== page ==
“Deep Waters“, the third in the Sammy Greene series won 2 Silver Medals for the Florida Authors and Publishers Association’s President Award – one for Mystery/Suspense and one for Thriller.
Each year the Florida Authors and Publishers Association (FAPA) sponsors the FAPA President’s Book Awards, which recognizes book publishing excellence and creativity in design, content, and production for authors and publishers. This year we have opened the competition from North America only to the English-speaking world. We hope to encourage entries from all who share our complex and wonderful language.
Finalists are chosen by publishing professionals and librarians from both within and outside of Florida and are announced at the President’s Book Awards Banquet the last weekend of July.”
Exciting news: my historical thriller, Rabbit in the Moon, has been selected as one among best books on modern China’s myths, religions, politics, and culture. Check out the site. The novel is available in print, eBook and Audiobook.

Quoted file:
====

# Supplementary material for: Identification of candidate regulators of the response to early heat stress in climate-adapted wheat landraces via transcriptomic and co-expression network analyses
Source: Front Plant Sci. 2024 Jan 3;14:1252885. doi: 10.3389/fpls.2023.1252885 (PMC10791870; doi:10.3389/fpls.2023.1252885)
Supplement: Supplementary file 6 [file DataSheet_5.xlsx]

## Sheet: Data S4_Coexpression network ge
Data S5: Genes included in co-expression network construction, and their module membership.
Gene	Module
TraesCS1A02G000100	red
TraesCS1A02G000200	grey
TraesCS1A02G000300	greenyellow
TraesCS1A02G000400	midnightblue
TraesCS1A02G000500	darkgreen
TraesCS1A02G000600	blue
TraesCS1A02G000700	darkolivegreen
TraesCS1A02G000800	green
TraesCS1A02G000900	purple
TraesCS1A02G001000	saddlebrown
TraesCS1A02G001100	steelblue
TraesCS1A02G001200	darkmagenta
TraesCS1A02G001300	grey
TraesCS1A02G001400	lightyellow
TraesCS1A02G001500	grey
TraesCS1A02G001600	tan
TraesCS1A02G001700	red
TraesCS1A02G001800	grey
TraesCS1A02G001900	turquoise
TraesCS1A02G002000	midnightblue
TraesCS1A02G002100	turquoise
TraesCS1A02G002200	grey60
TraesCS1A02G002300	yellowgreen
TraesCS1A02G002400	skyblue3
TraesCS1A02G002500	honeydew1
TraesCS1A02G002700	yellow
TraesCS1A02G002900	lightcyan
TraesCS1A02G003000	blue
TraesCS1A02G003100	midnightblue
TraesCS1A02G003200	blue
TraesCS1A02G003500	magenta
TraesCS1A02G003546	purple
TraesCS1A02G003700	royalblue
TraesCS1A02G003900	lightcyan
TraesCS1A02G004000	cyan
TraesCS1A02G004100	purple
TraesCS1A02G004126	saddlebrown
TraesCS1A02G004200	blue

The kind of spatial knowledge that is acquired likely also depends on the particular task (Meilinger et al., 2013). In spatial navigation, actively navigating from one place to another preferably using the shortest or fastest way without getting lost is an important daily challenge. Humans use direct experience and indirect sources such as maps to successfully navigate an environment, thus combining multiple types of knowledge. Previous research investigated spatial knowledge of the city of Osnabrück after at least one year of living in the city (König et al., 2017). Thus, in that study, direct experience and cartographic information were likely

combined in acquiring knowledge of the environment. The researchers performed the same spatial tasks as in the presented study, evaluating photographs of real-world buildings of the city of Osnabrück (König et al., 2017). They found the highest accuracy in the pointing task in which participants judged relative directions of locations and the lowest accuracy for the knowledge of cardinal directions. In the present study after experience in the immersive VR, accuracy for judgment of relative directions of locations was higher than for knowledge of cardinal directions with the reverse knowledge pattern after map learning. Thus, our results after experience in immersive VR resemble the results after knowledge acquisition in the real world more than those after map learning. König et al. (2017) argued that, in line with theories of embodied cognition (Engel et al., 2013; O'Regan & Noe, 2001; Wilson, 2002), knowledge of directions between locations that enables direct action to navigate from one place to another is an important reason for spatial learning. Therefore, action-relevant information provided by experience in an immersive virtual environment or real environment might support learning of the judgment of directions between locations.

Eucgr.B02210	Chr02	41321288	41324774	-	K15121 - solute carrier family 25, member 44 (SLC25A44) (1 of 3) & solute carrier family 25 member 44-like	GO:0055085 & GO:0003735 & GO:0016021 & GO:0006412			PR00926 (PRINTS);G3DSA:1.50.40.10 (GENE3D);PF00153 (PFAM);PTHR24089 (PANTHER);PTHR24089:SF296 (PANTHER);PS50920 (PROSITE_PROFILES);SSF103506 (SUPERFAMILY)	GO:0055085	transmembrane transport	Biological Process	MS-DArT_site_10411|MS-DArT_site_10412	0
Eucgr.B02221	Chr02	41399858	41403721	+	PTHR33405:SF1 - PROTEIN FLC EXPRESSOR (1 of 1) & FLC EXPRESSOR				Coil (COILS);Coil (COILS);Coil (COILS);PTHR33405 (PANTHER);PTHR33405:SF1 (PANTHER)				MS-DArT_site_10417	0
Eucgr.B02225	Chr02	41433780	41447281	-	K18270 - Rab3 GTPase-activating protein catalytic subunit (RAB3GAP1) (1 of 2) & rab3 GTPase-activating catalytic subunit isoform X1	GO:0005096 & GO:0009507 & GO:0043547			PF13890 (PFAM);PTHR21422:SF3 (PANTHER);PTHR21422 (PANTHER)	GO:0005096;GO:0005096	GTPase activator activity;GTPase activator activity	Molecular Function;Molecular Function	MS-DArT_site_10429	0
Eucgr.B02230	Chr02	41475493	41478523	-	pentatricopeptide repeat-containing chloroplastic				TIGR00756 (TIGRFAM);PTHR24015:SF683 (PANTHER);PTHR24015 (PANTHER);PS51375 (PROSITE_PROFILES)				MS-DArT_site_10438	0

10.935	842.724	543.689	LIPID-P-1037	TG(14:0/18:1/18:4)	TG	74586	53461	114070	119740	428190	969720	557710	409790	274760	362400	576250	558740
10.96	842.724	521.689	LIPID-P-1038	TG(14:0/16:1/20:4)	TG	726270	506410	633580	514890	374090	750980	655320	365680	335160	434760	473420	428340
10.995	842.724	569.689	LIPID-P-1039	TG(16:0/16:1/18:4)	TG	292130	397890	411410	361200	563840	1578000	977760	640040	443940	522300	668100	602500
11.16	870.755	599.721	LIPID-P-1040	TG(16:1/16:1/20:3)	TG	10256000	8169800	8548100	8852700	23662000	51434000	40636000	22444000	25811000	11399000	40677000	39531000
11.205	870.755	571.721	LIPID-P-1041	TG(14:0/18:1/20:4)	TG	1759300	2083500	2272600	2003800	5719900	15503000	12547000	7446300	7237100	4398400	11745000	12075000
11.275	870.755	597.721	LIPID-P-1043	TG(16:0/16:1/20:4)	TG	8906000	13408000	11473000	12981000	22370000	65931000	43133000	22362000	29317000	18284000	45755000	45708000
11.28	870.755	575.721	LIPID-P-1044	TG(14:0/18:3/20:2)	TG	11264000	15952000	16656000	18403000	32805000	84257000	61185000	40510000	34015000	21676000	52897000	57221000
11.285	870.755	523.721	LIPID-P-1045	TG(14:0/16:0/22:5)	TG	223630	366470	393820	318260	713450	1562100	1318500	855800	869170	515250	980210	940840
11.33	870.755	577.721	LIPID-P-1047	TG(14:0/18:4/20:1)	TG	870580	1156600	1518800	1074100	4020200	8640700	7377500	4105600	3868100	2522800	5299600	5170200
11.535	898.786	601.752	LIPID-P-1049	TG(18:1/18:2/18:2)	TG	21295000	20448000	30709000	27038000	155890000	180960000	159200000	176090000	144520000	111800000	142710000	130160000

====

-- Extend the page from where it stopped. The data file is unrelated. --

dshlian / Authors, China, Deborah Shlian, Deborah's Blog, international thriller, Joel Shlian, Musings, Rabbit in the Moon, Tiananmen Square / Rabbit in the Moon by Deborah Shlian and Joel Shlian, Tiananmen massacre /
My historical thriller, Rabbit in the Moon, was published almost two decades after the Tiananmen massacre on June 4, 1989. I waited to write the story of the short-lived Student Democracy Movement, hoping that with the passage of time the Chinese government might be more open to the truth of what happened there.
That was not to be. The massacre was renamed the “June 4th incident”, my book was banned on the Mainland, and as I traveled to China over the years, it became clear that the government was more determined than ever to ban any discussion of the deadly crackdown- in schools, on the street, even from the Internet.
While Mainland citizens were subject to the ban for decades, Chinese living in Hong Kong and Macau were allowed to hold yearly candlelight vigils to commemorate the anniversary. That is until last year.
Today marks 32 years since Chinese soldiers killed hundreds if not thousands of pro-democracy protesters at Tiananmen Square.
Authorities in Macau and Hong Kong have banned the vigil for the second year in a row saying it would violate local criminal laws and citing corona virus issues.